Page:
The Articles of Confederation, Federalists & Antifederalists, & the Constitution

The Articles of Confederation, Federalists & Antifederalists, & the Constitution
The Articles of Confederation, Federalists & Antifederalists, & the Constitution
The Articles of Confederation, Federalists & Antifederalists, & the Constitution
The Articles of Confederation, Federalists & Antifederalists, & the Constitution
The Articles of Confederation, Federalists & Antifederalists, & the Constitution
The Articles of Confederation, Federalists & Antifederalists, & the Constitution
The Articles of Confederation, Federalists & Antifederalists, & the Constitution
The Articles of Confederation, Federalists & Antifederalists, & the Constitution
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Articles of Confederation and Constitution. Teaching about the Articles of Confederation, Federalists and Antifederalists, and the Constitution is often the duty of a U.S. History teacher. Having students walk away understanding these topics is the goal, but not always easy to ascertain. The products in this bundle have helped me bridge the gap for students as well as help me understand how well they are understanding the material.

Please read each description carefully to make sure what you are buying will be a good match for the students you teach.

The Articles of Confederation with Federalist vs. Antifederalist Survey
Trying to find a way to explain the Articles of Confederation to your students without them drifting off into daydream land? This lesson helps to make it real by connecting to their lives. Provided is a summarized story about the Articles of Confederation that I use with my 8th grade U.S. History students, which explains why the Articles of Confederation came about as well as the powers delegated to the state and national governments.

As a way for students to grasp the concepts, I have included an activity where students are given 15 issues that they have to decide if each one should be their parent(s) responsibility, their responsibility, or both of their responsibilities. Kind of like the national government was the "parent government" and they are like the state government. At the end students look at how many issues they said should just be left up to them, how many should be their parent's responsibility, and how many should be shared responsibilities. A wonderful class discussion takes place afterward where students justify their reasons for their selections. I then have them compare those issues to issues that were faced when the Continental Congress was trying to set up a government. For example, one of the issues is who should be able to decide who your friends are. Students always say that should be up to them, but when we compare it to the Articles of Confederation, only the national government was allowed to make peace or sign treaties, thus deciding who we would associate with. They were the parent government. Why wasn't this left up to the states? Isn't it the same? Then BAM! The discussion erupts again.

Also included is a summary of the Federalist vs. Antifederalist, which were the groups that Americans associated themselves with when the Constitution was being constructed. A survey with 7 topics about government is included where students either answer with a "YES" or a "NO." The reason there are 7 is because they will not have a tie and it will place them as either being more of a Federalist or more of an Antifederalist.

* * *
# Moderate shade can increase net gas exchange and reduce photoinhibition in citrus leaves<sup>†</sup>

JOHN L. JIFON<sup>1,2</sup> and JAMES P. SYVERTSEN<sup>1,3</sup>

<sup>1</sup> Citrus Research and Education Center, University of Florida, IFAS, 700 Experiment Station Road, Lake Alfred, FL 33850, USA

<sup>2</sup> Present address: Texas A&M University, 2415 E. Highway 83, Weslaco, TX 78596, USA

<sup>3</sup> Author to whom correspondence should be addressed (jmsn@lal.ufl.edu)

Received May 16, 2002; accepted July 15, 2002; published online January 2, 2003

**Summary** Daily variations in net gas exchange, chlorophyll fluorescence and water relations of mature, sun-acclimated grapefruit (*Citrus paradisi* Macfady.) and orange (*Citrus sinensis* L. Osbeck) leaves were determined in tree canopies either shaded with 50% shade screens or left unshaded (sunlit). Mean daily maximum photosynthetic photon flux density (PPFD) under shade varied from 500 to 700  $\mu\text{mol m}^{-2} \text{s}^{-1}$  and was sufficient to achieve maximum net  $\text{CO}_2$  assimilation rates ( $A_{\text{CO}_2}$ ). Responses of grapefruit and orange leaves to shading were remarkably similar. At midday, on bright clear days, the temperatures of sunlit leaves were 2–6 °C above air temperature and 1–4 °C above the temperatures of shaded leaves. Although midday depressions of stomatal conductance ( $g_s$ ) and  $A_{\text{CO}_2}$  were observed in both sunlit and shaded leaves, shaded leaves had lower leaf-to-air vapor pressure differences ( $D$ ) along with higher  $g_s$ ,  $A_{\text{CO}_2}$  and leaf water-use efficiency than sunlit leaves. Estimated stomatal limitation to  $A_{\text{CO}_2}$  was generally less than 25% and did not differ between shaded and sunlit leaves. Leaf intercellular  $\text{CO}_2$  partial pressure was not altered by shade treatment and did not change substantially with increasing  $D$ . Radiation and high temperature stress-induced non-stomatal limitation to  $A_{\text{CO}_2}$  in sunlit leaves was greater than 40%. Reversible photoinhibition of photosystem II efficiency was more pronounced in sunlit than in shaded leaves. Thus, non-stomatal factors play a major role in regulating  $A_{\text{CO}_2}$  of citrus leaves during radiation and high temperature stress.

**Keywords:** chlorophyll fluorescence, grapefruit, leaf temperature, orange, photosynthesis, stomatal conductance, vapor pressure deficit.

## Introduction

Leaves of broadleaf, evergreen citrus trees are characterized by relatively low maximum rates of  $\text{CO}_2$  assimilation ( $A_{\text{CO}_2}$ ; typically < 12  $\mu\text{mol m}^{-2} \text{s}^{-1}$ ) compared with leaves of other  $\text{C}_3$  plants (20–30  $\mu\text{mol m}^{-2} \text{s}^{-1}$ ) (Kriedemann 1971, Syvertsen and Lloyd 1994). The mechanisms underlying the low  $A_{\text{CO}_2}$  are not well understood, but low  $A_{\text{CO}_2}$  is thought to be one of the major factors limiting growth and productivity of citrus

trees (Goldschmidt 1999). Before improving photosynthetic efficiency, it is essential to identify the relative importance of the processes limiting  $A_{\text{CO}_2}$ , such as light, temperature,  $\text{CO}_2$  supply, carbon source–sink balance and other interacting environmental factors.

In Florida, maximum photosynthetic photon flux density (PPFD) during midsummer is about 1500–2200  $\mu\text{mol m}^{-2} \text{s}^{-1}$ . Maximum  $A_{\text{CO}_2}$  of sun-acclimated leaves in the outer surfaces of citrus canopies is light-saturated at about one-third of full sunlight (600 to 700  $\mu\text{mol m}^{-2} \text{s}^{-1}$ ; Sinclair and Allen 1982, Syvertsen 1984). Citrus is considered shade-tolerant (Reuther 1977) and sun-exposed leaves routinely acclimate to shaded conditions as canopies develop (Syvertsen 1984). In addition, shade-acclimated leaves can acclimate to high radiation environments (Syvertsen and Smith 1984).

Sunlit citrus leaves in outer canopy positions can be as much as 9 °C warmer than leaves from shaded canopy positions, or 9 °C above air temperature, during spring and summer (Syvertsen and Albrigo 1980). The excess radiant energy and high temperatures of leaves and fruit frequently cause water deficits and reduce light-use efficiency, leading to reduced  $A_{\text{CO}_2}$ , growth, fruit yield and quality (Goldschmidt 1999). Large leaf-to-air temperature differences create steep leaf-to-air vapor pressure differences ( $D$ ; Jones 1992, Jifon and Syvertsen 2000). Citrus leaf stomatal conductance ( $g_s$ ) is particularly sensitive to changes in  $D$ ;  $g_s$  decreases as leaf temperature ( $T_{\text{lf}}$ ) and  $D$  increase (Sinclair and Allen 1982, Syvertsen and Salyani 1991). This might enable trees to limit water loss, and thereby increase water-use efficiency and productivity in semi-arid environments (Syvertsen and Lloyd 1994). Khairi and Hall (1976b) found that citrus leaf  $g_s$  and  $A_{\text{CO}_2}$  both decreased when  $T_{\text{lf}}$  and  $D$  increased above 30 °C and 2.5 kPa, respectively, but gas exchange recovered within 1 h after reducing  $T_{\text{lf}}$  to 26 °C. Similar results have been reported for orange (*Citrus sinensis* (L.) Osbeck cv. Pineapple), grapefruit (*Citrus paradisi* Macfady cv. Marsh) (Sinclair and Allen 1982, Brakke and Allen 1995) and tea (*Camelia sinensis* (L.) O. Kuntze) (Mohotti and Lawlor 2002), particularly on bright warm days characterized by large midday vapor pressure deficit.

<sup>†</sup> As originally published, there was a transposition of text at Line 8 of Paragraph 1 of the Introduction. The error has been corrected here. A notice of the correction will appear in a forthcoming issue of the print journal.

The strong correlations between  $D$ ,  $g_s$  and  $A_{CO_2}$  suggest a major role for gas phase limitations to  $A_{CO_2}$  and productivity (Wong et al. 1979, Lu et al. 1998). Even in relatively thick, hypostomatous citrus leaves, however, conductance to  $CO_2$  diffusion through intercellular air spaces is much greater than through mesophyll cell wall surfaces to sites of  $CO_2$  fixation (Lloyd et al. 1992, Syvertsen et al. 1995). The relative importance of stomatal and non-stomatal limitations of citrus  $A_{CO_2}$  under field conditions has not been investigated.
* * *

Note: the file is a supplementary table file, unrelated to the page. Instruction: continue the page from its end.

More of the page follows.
Both of these combined can be a one day class activity/discussion to get students thinking about how they think power should be distributed in regard to state vs. national government.

These two activities have worked well for me in the past so I hope they help your students better understand where they stand in regard to power distribution in the government.

Articles of Confederation to Constitution: Cloze Story Style Quiz
This is a story quiz I created that uses the "Cloze" reading strategy where students fill in the 43 blanks within the story using a word bank provided. There are more words and dates in the word bank than students will use. The quiz is rather lengthy and takes about 30 minutes for a student to complete (some more some less of course). This would be a great quiz to give if you knew you were going to have a substitute teacher that day.

I teach 8th grade U.S. History using the Creating America: Beginnings through World War I text book and this goes along with Chapters 7 and 8. This quiz lets me see how well students are connecting to the story so far.

This quiz needs to be printed on 11" x 17" paper and is one page. The answer key and the word bank are also on 11"x17" paper with the word bank having four word banks per page that get cut out to save on paper. I grade this as a class allowing students to grade their own making sure there is nothing on their desks except the red marker I provide for them. That way they can see for themselves which ones they got right or wrong and hear the story read to see how it is put together.

The Word Bank for the Cloze Story Quiz: (there are more words in the word bank than will be used on the quiz)

"Give me liberty or give me death!”
“I have not yet begun to fight!”
“United we stand, divided we fall.”
3/5 Compromise
Appalachian Mountains
Articles of Confederation
Benjamin Franklin
Civil War
Continental Congress
Daniel Boone
Declaration of Independence
Founding Fathers
George Washington
John Hancock
Land claims
Larger states
National government
New Jersey
Proclamation Road
Revolutionary War
Rhode Island
Rocky Mountains
Salem’s Rebellion
Shay’s Rebellion
Smaller states
State governments
The Great Compromise
Wilderness Road

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